“The organizers of the Unite the Correct Rally robbed me of my potential to feel exact, feel exact, feel at ease — even in my bear residence,” plaintiff Liz Sines talked about in an announcement. “This case jogs my memory that we are no longer powerless as we face this seemingly relentless marketing campaign of violence and hatred. And that constant reminder over the closing four years has helped me circulation forward.”

Already, the plaintiffs bear received default judgments towards seven defendants who refused to cooperate. Of those combating the suit, Jason Kessler, Nathan Damigo, and the team Identity Evropa are represented by James Kolenich, a lawyer from Ohio who previously talked about he took on this case to “oppose Jewish affect in society.” Kolenich did no longer respond to a attach a question to for comment. His co-counsel, Elmer Woodard, answered with a one-note electronic mail: “No.”

On the least 5 defendants are representing themselves at trial. Amongst them is Cantwell, who used to be dubbed the “Crying Nazi” for a viral video that showed him weeping upon studying that he used to be wanted by authorities in connection with the rally. He later pleaded guilty to two counts of misdemeanor assault and battery for pepper-spraying counterprotesters. He is in penal advanced and might perhaps no longer be reached for comment.

In a single court submitting, Cantwell cited a passage from Hitler’s “Mein Kampf.” In a single other, he historical the note “Holocaust” with a registered trademark impress, as if to solid doubt on Nazi Germany’s atrocities. Cantwell furthermore made a risk to the plaintiffs’ authorized genuine Roberta Kaplan, who’s Jewish and successfully-identified for Supreme Court docket arguments that had been instrumental to federal recognition of same-sex marriage.

Cantwell called Kaplan an anti-Jewish slur and a “whore” and talked about that after “she loses this pretend lawsuit, we’re going to bear lots of (expletive) fun along side her,” based on a May perhaps well well 2020 submitting. Cantwell has requested the court that his “perceived biases” towards Jewish individuals be excluded from court cases.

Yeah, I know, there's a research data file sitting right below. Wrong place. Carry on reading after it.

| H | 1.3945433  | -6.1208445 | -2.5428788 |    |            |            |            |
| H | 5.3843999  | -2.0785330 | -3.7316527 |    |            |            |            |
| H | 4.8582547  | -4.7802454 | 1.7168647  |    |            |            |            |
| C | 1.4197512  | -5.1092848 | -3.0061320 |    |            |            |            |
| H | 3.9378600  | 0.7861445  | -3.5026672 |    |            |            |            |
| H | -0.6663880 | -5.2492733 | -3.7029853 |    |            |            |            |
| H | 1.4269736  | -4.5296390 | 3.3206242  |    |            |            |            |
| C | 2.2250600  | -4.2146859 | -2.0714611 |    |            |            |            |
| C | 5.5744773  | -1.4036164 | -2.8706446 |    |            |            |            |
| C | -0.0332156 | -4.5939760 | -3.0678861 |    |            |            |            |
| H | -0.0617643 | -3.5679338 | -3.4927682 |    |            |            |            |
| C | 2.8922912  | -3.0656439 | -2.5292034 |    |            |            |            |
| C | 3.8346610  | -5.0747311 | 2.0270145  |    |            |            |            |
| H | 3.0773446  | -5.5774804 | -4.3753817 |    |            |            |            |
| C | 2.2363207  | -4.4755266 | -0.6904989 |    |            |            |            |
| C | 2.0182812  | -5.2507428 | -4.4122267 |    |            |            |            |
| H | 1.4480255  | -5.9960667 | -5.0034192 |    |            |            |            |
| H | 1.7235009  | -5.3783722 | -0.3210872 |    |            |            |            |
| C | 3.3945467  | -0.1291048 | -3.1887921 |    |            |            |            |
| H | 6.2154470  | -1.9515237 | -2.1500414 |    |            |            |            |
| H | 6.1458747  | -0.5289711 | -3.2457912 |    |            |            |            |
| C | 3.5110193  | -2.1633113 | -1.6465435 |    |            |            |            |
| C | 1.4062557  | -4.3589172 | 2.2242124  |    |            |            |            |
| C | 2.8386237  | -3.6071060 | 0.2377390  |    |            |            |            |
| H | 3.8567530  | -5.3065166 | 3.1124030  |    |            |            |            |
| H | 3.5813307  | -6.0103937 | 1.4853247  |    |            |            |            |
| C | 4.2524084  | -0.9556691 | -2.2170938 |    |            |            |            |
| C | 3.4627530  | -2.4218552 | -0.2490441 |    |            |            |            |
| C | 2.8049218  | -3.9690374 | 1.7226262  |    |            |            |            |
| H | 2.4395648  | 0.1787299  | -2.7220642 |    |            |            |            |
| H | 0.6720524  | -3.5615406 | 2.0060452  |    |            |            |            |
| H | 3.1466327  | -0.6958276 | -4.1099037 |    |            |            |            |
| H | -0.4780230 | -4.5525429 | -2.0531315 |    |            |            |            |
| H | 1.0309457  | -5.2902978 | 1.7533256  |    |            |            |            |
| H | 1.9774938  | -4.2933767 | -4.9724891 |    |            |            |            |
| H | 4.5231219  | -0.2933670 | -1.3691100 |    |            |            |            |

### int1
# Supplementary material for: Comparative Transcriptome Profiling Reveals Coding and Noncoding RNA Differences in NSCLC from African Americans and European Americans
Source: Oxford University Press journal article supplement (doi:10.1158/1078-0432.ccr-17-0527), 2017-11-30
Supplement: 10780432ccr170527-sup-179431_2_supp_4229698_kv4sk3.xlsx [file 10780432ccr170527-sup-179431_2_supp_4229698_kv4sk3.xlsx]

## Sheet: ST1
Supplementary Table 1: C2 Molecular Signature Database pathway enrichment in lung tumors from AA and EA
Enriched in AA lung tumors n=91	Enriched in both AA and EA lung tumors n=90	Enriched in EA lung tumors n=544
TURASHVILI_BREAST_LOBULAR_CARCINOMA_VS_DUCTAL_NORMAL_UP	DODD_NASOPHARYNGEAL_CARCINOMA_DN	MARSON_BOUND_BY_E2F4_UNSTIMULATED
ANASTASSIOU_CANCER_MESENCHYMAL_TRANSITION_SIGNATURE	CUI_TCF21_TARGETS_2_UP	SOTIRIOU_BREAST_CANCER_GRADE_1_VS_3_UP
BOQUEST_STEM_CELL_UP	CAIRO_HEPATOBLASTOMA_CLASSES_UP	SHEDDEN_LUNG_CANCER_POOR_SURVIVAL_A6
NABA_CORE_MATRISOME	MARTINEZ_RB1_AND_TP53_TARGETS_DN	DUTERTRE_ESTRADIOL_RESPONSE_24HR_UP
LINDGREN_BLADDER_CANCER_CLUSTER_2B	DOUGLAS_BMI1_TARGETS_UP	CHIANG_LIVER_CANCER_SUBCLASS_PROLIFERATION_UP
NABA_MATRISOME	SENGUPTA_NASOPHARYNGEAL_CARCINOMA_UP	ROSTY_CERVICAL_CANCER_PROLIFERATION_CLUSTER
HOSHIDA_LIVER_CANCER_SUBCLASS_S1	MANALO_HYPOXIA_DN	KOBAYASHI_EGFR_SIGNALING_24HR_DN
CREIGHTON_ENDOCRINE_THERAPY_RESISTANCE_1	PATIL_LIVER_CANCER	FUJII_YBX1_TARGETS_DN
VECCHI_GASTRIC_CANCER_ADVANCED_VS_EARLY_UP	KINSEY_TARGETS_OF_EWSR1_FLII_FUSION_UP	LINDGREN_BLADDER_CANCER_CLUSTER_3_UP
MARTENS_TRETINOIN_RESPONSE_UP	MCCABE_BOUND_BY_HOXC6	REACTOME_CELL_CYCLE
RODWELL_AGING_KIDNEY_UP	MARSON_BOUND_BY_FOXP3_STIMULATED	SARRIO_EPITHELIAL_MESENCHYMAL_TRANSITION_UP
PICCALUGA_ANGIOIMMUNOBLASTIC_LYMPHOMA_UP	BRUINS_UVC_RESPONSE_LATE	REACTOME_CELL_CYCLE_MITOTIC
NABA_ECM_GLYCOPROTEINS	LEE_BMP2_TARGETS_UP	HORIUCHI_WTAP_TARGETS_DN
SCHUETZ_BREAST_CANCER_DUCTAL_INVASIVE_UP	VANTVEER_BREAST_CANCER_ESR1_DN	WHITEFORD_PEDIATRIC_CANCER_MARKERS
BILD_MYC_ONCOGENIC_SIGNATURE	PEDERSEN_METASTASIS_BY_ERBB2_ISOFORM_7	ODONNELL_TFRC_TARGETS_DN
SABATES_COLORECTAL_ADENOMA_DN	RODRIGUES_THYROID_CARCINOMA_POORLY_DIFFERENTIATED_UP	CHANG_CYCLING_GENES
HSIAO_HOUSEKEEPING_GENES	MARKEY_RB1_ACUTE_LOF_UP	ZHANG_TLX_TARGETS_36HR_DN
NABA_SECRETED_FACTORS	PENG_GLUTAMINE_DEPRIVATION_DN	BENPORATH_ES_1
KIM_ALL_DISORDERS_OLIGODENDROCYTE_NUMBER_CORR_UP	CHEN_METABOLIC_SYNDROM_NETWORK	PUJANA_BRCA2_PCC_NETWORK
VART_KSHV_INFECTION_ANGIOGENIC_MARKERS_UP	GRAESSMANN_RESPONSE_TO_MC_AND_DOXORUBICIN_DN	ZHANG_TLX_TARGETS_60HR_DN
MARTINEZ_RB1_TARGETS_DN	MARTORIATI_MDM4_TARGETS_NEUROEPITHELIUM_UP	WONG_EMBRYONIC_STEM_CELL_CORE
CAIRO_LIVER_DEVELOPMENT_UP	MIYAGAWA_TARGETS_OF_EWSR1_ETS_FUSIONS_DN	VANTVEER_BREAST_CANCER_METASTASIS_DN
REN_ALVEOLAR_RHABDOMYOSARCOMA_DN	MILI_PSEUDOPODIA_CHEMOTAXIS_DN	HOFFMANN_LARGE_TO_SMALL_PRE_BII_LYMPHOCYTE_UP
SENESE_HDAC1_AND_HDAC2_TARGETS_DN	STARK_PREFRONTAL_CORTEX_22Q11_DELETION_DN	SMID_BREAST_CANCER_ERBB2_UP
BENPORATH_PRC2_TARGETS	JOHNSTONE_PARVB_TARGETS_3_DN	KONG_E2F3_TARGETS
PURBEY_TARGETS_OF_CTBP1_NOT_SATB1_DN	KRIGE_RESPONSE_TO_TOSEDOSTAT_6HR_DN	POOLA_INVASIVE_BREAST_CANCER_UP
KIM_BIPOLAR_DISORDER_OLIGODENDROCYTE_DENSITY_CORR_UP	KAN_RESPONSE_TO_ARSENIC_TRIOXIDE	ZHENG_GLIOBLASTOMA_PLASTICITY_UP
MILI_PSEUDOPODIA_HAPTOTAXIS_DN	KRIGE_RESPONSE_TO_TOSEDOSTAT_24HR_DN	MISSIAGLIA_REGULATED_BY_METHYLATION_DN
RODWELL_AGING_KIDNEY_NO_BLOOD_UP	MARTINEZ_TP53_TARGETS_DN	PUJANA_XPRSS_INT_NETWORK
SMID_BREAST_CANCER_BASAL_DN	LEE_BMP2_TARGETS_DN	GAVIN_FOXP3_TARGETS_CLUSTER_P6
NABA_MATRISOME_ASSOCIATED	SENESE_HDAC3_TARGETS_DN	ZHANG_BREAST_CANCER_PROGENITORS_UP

One in all the lots of peculiarities of the trial is that since the white supremacists are representing themselves, plaintiffs have a tendency to search out themselves in the uncomfortable predicament of being wondered right away by the individuals they’re suing.

Spencer, who’s representing himself after failing to pay his authorized genuine, talked about this might be a “profit” for him with a view to right away take care of the jury and contaminated-seek for plaintiffs. He maintains that he went to Charlottesville for the Unite the Correct rally as an invited speaker, no longer an organizer. In an interview, he made no excuses for his file of abhor speech but denied conspiring with the assorted defendants about actions on the ground that weekend in Charlottesville.

“They’re tasked with proving that I entered correct into a conspiracy to commit or inspire or reveal racially motivated violence,” Spencer talked about. “They’re no longer going with a view to prove that.”

Joshua Smith, who’s representing three of the defendants, at the side of Heimbach, blames the day’s violence on the metropolis’s lack of security preparation that attach rallygoers and counterprotesters in the identical predicament, a circulation the defendants articulate made clashes inevitable. They articulate an independent characterize that found that Charlottesville security officers had been in unfortunate health-ready for the rally, a failure that resulted in “disastrous results.”

W. Edward ReBrook IV, a lawyer representing Schoep and the National Socialist Motion, argued that the suit is motivated by “a desire for vengeance.”

“If no longer for the truth that the defendants are mainly white supremacists, the suit would bear been disregarded years ago,” ReBrook talked about in an announcement.

The plaintiffs and their advocates, at the side of several of the nation’s civil rights teams, argue that the First Modification doesn’t supply protection to the methodical planning of racial violence.

“In the occasion they had simply long previous to Charlottesville and stood on the avenue corner with their swastikas and their flags, and their bigoted, racist, antisemitic chants, that can’ve been exact speech,” talked about Amy Spitalnick, the government director of Integrity First for America, a civil rights nonprofit organization backing the lawsuit.